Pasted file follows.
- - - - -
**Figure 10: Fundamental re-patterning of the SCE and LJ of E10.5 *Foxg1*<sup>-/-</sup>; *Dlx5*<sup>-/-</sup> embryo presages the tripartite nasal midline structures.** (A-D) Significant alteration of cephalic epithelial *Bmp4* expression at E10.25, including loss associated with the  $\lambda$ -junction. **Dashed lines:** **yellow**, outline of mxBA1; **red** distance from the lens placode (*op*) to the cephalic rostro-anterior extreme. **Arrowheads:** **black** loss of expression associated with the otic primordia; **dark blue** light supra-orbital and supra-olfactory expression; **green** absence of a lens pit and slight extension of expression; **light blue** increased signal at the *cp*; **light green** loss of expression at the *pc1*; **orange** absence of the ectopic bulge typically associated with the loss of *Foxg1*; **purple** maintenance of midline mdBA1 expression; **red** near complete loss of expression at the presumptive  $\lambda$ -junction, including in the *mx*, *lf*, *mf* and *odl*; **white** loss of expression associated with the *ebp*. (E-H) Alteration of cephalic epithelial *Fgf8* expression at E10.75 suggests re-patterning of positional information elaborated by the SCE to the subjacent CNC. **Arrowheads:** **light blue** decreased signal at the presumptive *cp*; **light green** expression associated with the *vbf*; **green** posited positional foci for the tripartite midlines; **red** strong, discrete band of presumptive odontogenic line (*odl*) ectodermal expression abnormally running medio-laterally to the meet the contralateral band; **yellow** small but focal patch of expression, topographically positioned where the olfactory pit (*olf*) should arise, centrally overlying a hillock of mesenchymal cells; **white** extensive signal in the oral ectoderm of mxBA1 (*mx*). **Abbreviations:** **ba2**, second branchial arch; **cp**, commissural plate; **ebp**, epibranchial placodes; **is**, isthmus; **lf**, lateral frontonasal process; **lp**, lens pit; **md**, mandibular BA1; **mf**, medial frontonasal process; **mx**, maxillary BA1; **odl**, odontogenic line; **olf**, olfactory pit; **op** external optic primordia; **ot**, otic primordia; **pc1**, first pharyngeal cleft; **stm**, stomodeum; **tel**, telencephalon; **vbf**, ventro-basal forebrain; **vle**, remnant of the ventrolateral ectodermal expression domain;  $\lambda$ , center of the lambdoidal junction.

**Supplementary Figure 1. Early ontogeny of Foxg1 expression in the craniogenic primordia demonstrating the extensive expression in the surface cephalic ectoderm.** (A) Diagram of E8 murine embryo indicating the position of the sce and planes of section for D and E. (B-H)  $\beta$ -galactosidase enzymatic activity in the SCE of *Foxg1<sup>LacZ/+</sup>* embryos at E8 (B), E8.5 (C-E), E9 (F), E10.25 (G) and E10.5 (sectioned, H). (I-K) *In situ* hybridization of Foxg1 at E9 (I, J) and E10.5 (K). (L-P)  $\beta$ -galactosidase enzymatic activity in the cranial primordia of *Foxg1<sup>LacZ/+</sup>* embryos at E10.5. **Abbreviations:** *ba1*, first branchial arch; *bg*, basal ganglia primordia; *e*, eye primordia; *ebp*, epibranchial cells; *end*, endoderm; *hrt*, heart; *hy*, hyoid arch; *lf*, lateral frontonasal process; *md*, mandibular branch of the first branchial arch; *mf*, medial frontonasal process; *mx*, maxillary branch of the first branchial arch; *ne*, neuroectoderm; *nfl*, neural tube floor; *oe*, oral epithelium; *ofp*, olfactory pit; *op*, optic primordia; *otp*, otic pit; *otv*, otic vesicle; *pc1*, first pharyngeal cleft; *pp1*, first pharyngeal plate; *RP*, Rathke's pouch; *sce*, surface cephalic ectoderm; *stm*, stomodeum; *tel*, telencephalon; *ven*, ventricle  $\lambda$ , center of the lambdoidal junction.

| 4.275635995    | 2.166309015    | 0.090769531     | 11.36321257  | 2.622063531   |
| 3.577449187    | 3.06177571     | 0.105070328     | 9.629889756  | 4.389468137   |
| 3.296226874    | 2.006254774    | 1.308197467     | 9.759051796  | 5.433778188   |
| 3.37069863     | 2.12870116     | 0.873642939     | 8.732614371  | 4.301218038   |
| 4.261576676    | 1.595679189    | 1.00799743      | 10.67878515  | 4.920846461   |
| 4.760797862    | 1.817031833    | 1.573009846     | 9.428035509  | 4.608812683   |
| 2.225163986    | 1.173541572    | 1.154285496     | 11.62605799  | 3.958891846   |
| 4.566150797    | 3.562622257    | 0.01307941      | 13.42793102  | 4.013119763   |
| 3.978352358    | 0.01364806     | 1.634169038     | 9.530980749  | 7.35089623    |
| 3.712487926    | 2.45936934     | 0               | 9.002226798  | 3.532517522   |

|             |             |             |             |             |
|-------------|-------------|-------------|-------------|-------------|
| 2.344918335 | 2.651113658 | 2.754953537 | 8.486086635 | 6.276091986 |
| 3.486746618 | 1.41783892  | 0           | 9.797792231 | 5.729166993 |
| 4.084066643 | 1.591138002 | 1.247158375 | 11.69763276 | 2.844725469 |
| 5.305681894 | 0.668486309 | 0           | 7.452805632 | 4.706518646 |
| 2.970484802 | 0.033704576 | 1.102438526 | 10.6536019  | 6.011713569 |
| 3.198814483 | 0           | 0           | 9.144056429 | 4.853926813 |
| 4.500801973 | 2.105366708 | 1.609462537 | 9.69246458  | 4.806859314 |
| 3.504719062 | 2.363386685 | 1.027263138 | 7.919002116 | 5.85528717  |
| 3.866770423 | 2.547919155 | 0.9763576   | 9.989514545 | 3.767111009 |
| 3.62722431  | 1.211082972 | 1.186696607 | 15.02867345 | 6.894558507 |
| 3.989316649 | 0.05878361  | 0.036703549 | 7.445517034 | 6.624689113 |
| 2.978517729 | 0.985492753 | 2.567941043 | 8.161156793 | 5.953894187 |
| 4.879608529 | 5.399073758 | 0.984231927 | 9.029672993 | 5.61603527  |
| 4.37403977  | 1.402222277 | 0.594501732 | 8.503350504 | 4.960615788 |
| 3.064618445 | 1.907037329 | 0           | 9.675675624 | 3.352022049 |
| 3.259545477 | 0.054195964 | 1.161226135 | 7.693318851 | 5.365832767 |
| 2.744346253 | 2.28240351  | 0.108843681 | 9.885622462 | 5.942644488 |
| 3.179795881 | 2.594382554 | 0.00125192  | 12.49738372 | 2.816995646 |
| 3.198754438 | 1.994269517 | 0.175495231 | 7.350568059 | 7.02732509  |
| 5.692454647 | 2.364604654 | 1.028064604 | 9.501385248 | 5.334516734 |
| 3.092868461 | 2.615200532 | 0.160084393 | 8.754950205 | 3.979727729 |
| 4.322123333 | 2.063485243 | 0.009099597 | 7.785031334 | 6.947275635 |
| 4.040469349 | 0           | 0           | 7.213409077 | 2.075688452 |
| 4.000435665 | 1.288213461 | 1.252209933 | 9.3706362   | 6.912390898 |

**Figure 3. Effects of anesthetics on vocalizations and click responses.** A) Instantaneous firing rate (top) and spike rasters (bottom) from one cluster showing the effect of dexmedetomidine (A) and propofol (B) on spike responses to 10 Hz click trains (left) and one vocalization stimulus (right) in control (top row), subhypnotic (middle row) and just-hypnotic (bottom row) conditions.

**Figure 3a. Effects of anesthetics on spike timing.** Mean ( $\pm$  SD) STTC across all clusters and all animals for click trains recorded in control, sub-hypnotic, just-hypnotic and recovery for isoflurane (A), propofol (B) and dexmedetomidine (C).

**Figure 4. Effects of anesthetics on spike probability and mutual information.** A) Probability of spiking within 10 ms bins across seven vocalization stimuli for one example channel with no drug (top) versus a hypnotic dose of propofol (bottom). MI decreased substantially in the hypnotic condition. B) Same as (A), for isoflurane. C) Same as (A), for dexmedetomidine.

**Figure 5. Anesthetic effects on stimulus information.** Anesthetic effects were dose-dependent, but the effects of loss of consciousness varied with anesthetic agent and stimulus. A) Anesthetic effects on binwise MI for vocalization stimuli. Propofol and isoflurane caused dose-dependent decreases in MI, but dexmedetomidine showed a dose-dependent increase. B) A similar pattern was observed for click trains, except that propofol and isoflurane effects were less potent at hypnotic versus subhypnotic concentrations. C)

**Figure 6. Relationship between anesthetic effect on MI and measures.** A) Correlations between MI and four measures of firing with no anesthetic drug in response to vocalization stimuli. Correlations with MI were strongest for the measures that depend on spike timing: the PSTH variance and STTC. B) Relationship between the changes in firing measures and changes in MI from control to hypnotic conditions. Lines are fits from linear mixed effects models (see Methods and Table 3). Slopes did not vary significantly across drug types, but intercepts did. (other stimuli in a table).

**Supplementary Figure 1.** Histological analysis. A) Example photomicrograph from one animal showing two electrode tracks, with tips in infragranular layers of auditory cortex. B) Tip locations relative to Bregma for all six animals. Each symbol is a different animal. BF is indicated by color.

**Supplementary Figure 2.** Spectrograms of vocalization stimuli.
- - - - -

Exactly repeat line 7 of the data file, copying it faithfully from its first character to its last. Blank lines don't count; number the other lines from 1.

| 4.261576676    | 1.595679189    | 1.00799743      | 10.67878515  | 4.920846461   |